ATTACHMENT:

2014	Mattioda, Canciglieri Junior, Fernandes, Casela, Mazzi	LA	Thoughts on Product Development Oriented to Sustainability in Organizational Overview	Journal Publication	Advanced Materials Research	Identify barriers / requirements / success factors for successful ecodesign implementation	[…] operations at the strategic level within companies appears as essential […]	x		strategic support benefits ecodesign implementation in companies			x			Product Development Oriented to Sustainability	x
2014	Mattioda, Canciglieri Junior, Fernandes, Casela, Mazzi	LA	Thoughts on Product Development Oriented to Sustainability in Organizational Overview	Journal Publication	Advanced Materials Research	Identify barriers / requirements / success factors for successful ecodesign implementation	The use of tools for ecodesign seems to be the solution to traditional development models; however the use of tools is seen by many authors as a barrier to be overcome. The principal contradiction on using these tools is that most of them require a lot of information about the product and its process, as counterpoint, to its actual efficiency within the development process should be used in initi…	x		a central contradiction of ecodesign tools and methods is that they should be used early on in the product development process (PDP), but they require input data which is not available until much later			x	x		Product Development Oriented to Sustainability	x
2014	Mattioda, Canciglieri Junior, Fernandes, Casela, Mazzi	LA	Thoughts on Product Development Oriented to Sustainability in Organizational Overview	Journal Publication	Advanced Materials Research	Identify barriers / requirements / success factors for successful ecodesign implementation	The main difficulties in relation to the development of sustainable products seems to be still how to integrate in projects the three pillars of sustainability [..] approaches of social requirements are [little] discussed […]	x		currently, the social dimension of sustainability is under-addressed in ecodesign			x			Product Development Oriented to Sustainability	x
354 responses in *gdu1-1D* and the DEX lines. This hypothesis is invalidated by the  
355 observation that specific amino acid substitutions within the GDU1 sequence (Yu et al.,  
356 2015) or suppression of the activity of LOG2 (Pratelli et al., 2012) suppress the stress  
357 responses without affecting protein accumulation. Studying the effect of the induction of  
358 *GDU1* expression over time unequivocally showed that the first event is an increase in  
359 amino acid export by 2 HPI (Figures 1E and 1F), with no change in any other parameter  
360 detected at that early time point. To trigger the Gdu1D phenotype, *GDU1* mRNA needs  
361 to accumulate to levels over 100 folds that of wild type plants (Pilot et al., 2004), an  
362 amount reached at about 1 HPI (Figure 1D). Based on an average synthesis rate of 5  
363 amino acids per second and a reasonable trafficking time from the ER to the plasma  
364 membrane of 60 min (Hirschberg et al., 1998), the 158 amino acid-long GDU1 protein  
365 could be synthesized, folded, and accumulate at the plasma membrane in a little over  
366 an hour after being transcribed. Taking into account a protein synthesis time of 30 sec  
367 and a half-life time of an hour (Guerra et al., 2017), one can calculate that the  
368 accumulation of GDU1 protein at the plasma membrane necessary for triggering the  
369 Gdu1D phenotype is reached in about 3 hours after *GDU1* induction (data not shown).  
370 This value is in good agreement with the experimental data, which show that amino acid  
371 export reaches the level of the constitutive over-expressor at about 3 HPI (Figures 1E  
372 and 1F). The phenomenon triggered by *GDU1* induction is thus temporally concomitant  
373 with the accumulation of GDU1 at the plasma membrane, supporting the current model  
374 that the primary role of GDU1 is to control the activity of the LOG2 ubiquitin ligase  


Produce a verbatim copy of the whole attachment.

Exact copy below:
2014	Mattioda, Canciglieri Junior, Fernandes, Casela, Mazzi	LA	Thoughts on Product Development Oriented to Sustainability in Organizational Overview	Journal Publication	Advanced Materials Research	Identify barriers / requirements / success factors for successful ecodesign implementation	[…] operations at the strategic level within companies appears as essential […]	x		strategic support benefits ecodesign implementation in companies			x			Product Development Oriented to Sustainability	x
2014	Mattioda, Canciglieri Junior, Fernandes, Casela, Mazzi	LA	Thoughts on Product Development Oriented to Sustainability in Organizational Overview	Journal Publication	Advanced Materials Research	Identify barriers / requirements / success factors for successful ecodesign implementation	The use of tools for ecodesign seems to be the solution to traditional development models; however the use of tools is seen by many authors as a barrier to be overcome. The principal contradiction on using these tools is that most of them require a lot of information about the product and its process, as counterpoint, to its actual efficiency within the development process should be used in initi…	x		a central contradiction of ecodesign tools and methods is that they should be used early on in the product development process (PDP), but they require input data which is not available until much later			x	x		Product Development Oriented to Sustainability	x
2014	Mattioda, Canciglieri Junior, Fernandes, Casela, Mazzi	LA	Thoughts on Product Development Oriented to Sustainability in Organizational Overview	Journal Publication	Advanced Materials Research	Identify barriers / requirements / success factors for successful ecodesign implementation	The main difficulties in relation to the development of sustainable products seems to be still how to integrate in projects the three pillars of sustainability [..] approaches of social requirements are [little] discussed […]	x		currently, the social dimension of sustainability is under-addressed in ecodesign			x			Product Development Oriented to Sustainability	x
354 responses in *gdu1-1D* and the DEX lines. This hypothesis is invalidated by the  
355 observation that specific amino acid substitutions within the GDU1 sequence (Yu et al.,  
356 2015) or suppression of the activity of LOG2 (Pratelli et al., 2012) suppress the stress  
357 responses without affecting protein accumulation. Studying the effect of the induction of  
358 *GDU1* expression over time unequivocally showed that the first event is an increase in  
359 amino acid export by 2 HPI (Figures 1E and 1F), with no change in any other parameter  
360 detected at that early time point. To trigger the Gdu1D phenotype, *GDU1* mRNA needs  
361 to accumulate to levels over 100 folds that of wild type plants (Pilot et al., 2004), an  
362 amount reached at about 1 HPI (Figure 1D). Based on an average synthesis rate of 5  
363 amino acids per second and a reasonable trafficking time from the ER to the plasma  
364 membrane of 60 min (Hirschberg et al., 1998), the 158 amino acid-long GDU1 protein  
365 could be synthesized, folded, and accumulate at the plasma membrane in a little over  
366 an hour after being transcribed. Taking into account a protein synthesis time of 30 sec  
367 and a half-life time of an hour (Guerra et al., 2017), one can calculate that the  
368 accumulation of GDU1 protein at the plasma membrane necessary for triggering the  
369 Gdu1D phenotype is reached in about 3 hours after *GDU1* induction (data not shown).  
370 This value is in good agreement with the experimental data, which show that amino acid  
371 export reaches the level of the constitutive over-expressor at about 3 HPI (Figures 1E  
372 and 1F). The phenomenon triggered by *GDU1* induction is thus temporally concomitant  
373 with the accumulation of GDU1 at the plasma membrane, supporting the current model  
374 that the primary role of GDU1 is to control the activity of the LOG2 ubiquitin ligase  